Many shows will refer to their characters’ queerness in passing, or as a way to advance plot points of heterosexual characters who take the lead of the story. One of the most well-known examples come in the death of Tara in season 6 of Buffy the Vampire Slayer, when she is killed by a stray bullet only to further the storylines of both her girlfriend Willow and season antagonist Warren. We can also see how the “Bury Your Gays” trope is used in more recent shows, such as The CW’s The 100, when fan favorite Lexa is killed accidentally by a bullet meant for her girlfriend Clarke, a short time after they were intimate together on-screen. Lexa’s death represents the struggle that queer characters face in being heroes of their own stories.
The issue with queer POC representation is that it’s rarely three-dimensional. Of course, there are a few shows changing that, like HBO’s True Blood, Netflix’s Sense8 and Orange Is The New Black, and the animated shows Steven Universe and Adventure Time. Still, there’s a long way to go.
The issue is not that these characters are members of communities outside of just being queer — it’s that they aren’t allowed to exist as someone that stands at the intersection of race, gender, class, and ability while also being their own individual person. Reducing them to stereotypes makes for not only off-putting storywriting, but also sends the message that queer people of color don’t matter.
The few accurate portrayals of queer characters of color that exist come mainly from independent media. The movie Pariah (2011) starring Adepero Oduye, for example, was one of the first to show what it’s like to be a young Black queer woman. Brown Girls, too, is independently produced.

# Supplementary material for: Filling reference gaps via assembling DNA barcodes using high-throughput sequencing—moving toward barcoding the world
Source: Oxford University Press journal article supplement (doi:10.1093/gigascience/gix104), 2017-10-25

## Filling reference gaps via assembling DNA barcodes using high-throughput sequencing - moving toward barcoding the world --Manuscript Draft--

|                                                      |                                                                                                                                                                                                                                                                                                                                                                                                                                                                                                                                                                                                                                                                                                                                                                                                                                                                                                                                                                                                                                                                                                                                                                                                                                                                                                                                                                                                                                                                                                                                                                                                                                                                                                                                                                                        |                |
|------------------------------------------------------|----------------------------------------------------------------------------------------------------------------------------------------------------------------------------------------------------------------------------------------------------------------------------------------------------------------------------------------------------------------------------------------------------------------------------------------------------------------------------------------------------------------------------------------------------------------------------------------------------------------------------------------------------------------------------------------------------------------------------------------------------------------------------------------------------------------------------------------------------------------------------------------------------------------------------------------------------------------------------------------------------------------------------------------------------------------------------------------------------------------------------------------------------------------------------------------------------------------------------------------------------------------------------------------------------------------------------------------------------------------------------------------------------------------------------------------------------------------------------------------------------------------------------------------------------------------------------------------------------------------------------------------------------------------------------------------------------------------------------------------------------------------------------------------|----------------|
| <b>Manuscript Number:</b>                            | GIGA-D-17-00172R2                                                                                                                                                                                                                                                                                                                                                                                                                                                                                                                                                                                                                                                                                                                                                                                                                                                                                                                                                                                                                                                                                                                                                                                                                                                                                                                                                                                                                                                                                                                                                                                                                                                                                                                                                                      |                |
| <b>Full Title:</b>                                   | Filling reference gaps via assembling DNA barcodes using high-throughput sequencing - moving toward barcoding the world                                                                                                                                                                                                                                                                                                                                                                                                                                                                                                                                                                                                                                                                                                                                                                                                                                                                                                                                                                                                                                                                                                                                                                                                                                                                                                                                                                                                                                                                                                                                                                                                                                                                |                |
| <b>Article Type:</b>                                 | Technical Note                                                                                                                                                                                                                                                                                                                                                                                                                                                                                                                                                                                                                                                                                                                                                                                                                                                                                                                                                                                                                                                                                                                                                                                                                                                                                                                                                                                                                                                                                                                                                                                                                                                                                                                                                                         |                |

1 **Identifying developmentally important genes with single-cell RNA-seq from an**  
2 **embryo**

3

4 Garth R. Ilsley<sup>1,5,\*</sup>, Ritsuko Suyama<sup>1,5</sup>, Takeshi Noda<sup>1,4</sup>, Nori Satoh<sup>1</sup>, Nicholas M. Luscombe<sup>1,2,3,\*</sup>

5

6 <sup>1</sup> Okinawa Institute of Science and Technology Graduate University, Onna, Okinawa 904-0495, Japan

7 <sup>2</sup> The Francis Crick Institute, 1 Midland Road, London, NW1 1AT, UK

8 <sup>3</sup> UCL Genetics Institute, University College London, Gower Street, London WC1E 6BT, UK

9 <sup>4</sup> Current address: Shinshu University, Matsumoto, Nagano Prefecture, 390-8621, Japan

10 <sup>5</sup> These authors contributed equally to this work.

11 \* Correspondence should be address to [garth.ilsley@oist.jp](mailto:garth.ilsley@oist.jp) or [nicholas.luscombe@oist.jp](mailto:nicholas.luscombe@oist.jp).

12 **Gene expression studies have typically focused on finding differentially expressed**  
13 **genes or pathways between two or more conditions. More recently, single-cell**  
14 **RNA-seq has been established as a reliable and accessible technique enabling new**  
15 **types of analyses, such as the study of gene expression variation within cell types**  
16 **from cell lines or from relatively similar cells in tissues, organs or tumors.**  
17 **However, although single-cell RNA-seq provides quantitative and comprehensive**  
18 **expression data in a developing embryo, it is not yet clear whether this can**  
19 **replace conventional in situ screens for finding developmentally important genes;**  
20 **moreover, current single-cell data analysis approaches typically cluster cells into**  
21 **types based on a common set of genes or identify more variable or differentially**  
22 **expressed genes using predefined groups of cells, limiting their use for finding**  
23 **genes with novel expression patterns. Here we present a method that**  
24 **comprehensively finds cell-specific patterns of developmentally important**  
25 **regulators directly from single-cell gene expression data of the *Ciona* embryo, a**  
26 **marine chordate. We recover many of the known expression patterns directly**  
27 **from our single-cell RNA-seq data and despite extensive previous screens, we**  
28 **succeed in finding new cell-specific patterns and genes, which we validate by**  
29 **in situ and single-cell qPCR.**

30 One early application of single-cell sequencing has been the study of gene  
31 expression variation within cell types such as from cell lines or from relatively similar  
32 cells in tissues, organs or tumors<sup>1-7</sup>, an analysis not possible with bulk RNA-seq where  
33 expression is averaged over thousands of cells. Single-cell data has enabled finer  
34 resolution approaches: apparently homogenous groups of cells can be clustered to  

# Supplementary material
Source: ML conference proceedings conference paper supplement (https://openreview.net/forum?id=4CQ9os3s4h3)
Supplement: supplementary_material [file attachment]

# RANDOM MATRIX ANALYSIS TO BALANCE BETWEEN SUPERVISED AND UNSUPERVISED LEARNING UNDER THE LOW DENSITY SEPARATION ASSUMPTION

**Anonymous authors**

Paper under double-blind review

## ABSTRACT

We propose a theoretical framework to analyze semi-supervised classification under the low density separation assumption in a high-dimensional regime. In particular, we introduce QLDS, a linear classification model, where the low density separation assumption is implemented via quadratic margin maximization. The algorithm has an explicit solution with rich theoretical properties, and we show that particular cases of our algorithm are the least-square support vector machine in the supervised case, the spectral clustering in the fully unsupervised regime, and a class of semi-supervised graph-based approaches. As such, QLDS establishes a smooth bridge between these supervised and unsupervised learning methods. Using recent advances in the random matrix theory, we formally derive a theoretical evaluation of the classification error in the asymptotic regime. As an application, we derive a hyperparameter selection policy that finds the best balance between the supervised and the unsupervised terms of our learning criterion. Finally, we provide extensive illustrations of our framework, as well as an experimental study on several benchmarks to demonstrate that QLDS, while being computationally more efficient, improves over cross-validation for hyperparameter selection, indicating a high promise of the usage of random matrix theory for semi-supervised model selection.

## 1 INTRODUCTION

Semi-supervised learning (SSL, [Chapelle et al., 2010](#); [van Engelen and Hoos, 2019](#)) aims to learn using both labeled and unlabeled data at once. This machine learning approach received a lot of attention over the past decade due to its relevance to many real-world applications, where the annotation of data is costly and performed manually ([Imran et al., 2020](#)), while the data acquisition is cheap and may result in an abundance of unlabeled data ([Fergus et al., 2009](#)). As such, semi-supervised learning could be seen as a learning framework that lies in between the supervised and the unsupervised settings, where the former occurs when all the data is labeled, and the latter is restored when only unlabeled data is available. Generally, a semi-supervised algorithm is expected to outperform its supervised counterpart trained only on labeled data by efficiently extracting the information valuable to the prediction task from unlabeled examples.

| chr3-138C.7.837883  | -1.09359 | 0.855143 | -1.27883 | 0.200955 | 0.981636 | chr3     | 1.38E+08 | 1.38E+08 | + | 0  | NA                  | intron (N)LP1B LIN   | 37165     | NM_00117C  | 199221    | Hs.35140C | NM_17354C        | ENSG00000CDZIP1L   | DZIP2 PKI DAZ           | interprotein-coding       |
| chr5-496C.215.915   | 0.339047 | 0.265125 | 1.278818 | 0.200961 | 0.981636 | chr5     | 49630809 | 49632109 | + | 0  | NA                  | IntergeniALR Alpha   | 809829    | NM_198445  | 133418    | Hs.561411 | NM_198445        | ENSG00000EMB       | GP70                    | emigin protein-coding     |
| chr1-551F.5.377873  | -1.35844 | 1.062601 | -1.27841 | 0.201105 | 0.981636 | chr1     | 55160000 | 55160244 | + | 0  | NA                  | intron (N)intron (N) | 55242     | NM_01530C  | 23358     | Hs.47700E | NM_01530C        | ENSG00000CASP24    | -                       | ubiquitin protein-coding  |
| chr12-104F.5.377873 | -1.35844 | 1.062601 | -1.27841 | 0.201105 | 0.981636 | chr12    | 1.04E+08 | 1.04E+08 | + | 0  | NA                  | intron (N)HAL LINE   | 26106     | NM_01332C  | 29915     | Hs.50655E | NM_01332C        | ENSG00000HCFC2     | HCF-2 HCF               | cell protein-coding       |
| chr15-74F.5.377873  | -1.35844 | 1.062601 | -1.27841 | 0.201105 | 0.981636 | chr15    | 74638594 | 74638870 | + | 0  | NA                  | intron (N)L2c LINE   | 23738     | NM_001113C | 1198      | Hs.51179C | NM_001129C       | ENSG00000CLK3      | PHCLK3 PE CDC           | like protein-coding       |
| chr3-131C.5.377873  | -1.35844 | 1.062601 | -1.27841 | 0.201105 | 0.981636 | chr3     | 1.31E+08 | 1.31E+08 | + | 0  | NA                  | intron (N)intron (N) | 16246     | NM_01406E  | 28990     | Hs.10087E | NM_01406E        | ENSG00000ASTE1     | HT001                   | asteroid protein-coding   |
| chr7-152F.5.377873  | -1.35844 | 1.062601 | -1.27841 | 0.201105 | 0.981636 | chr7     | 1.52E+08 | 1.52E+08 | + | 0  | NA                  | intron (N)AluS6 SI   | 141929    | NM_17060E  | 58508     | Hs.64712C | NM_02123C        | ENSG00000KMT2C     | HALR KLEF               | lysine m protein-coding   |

There’s an underrated power that media holds, and allowing queer people of color to exist will do more than just promote better diversity on screen — it will give queer people permission to be themselves, in a society that thrives on conforming instead. By only showing specific communities associated with queerness, media influences the ways that queerness is allowed to be expressed. Many of us exist at the intersection of identities that go beyond our sexuality — and can coexist with religion, race, gender, gender identity, and ability. The media needs to reflect that.
There’s far more work that needs to be done when it comes to queer representation. We need to examine representation not just on screen, but in places like the writer’s room, production team, and executive board room in order to truly change media portrayals of queer people, and especially queer people of color.
For now though, Brown Girls may be standing alone as one of the few spaces where queer people of color can be themselves, but there’s optimism that more queer-focused media will soon follow. Media is so often the way that we see ourselves and learn how to navigate the world around us, and in the future to come, we need more images that reinforce the magic that comes with being a queer person of color.
Cameron Glover is a writer and sex educator living in New Jersey, whose work has been published in publications such as Ebony, Extra Crispy, Harper’s Bazaar, and more. When she’s not writing, you can find her on Twitter talking about comics, memes, and Internet culture at large.